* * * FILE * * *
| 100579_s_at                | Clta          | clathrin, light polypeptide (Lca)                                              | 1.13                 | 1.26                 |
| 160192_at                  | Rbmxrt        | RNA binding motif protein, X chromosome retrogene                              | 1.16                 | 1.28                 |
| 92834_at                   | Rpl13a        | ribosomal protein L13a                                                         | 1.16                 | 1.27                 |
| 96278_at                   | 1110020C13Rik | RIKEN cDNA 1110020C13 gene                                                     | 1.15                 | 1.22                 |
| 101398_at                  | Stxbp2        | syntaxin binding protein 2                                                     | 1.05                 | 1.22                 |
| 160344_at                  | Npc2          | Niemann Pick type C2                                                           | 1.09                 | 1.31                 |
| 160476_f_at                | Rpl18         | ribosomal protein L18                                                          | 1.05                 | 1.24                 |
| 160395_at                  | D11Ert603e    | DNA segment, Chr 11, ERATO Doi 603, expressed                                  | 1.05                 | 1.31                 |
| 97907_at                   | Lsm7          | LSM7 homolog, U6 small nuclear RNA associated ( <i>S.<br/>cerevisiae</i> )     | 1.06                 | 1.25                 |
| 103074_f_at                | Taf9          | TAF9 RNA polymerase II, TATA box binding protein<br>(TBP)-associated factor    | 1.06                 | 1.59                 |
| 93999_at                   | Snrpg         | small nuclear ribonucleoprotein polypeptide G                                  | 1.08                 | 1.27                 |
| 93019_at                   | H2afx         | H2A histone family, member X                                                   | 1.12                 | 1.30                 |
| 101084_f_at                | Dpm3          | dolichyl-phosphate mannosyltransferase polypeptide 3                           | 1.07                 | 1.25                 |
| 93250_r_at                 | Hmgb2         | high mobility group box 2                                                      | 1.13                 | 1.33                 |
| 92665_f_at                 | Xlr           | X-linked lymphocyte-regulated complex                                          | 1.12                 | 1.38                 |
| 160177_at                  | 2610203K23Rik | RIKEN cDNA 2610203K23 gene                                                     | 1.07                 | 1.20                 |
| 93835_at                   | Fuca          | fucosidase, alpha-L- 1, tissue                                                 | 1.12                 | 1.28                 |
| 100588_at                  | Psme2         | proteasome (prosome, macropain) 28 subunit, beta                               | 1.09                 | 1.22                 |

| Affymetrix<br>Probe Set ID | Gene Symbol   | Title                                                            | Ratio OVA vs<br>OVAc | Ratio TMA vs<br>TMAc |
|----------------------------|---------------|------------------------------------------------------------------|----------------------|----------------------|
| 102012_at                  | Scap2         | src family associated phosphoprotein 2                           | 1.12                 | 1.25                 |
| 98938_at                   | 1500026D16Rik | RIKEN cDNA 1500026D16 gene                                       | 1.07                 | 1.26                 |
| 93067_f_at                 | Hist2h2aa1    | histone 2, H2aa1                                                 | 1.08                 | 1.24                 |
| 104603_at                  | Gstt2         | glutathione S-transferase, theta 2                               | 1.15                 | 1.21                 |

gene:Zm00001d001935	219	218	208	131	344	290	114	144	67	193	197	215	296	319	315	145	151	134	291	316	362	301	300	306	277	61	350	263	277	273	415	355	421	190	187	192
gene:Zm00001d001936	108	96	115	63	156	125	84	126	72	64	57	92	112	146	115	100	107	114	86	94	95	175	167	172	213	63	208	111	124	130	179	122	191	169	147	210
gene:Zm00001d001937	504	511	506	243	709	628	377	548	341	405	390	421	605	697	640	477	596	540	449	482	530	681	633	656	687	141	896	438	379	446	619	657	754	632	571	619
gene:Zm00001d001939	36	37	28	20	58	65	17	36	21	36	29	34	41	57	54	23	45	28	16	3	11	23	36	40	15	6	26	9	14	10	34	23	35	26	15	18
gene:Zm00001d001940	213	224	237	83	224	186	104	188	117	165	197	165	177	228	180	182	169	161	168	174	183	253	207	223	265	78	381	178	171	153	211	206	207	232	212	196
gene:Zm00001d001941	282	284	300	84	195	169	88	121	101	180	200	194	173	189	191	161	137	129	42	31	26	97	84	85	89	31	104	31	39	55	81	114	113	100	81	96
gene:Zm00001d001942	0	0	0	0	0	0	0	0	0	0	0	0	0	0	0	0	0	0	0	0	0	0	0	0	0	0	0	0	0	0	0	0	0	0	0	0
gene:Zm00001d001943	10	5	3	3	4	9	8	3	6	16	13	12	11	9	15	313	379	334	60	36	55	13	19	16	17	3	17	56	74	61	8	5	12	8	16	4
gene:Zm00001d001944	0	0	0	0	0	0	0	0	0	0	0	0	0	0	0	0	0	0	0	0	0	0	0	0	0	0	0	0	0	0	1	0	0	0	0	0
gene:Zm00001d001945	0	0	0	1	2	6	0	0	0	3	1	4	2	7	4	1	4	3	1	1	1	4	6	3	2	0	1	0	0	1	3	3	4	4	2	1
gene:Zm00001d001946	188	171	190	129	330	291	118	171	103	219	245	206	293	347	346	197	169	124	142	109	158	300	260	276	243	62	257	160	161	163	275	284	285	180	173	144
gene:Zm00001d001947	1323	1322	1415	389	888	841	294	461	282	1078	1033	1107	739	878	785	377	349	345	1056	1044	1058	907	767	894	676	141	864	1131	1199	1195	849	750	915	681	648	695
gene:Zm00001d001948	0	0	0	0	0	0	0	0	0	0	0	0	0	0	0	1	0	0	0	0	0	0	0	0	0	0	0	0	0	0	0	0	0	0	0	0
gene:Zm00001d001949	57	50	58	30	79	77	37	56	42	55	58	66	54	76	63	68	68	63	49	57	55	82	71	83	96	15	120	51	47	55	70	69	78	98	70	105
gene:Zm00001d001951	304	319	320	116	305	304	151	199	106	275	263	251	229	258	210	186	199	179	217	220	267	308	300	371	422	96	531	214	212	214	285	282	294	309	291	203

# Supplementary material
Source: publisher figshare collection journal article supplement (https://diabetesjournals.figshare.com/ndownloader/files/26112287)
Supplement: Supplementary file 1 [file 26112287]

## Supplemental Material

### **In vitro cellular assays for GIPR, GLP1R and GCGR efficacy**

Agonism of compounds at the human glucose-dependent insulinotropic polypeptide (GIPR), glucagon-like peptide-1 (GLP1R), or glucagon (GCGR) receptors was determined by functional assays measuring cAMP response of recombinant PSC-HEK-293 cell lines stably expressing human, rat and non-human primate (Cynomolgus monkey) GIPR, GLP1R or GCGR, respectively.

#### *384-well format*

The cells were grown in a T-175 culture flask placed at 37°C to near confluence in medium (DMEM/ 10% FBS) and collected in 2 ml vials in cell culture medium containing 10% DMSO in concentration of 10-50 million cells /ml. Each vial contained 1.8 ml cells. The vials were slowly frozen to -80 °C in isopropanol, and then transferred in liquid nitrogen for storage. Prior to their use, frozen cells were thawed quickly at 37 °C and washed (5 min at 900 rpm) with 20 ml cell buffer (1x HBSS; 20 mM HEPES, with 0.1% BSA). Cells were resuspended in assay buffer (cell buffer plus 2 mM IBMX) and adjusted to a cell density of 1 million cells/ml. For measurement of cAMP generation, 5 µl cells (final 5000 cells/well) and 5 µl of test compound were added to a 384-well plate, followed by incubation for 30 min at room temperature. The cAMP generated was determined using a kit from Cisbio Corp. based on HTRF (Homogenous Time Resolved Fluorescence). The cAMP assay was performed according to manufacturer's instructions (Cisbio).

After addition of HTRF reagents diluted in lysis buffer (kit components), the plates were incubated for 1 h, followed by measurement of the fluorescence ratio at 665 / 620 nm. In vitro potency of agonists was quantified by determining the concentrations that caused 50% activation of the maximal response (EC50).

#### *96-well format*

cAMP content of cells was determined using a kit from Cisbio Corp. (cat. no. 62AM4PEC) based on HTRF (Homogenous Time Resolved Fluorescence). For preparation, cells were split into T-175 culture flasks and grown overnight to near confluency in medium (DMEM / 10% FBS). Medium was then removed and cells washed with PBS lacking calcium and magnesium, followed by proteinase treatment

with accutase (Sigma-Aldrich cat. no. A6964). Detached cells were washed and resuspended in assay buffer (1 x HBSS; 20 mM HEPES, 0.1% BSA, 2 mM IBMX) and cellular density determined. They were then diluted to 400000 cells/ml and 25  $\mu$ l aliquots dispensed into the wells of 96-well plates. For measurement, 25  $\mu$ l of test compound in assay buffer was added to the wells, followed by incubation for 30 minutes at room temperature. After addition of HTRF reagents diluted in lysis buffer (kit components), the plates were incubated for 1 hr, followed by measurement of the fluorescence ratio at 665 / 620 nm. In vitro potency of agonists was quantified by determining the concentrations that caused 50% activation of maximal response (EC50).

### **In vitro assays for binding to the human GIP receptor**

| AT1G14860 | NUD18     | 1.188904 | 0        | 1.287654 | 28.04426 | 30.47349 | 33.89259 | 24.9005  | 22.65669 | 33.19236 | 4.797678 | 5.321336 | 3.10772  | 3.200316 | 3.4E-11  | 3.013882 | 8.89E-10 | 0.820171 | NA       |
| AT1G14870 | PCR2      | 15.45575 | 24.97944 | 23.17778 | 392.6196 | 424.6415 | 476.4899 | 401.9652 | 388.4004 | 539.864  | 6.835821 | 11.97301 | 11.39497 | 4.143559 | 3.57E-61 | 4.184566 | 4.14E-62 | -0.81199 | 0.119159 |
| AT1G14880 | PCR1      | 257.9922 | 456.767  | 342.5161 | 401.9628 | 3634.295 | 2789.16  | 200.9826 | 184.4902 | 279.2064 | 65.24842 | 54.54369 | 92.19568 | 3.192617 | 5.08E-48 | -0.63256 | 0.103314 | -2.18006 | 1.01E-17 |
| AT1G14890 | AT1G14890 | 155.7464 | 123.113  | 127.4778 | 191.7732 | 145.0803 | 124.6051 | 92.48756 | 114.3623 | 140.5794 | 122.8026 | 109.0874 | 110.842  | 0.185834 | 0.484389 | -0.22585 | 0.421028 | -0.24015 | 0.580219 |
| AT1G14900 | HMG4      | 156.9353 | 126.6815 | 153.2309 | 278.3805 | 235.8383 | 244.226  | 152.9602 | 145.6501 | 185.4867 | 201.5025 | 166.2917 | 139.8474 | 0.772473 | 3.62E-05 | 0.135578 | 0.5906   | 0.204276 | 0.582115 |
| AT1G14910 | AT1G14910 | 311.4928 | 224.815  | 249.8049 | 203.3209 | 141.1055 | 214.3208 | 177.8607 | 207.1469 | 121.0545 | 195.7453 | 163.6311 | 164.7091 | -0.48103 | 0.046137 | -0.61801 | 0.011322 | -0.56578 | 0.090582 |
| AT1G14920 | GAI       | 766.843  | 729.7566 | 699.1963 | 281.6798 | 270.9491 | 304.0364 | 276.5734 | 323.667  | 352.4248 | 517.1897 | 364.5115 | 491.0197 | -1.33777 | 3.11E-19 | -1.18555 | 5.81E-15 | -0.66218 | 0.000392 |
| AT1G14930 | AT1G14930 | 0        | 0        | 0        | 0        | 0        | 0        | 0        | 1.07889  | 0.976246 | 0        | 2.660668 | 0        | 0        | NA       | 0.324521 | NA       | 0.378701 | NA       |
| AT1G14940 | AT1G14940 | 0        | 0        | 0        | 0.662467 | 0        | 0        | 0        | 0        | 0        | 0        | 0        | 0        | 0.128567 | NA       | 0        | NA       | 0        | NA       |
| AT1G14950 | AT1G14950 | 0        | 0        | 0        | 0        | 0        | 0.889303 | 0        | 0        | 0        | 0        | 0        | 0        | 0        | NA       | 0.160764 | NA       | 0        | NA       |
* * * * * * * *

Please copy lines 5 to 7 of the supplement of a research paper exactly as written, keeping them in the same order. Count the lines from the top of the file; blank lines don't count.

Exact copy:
| 101398_at                  | Stxbp2        | syntaxin binding protein 2                                                     | 1.05                 | 1.22                 |
| 160344_at                  | Npc2          | Niemann Pick type C2                                                           | 1.09                 | 1.31                 |
| 160476_f_at                | Rpl18         | ribosomal protein L18                                                          | 1.05                 | 1.24                 |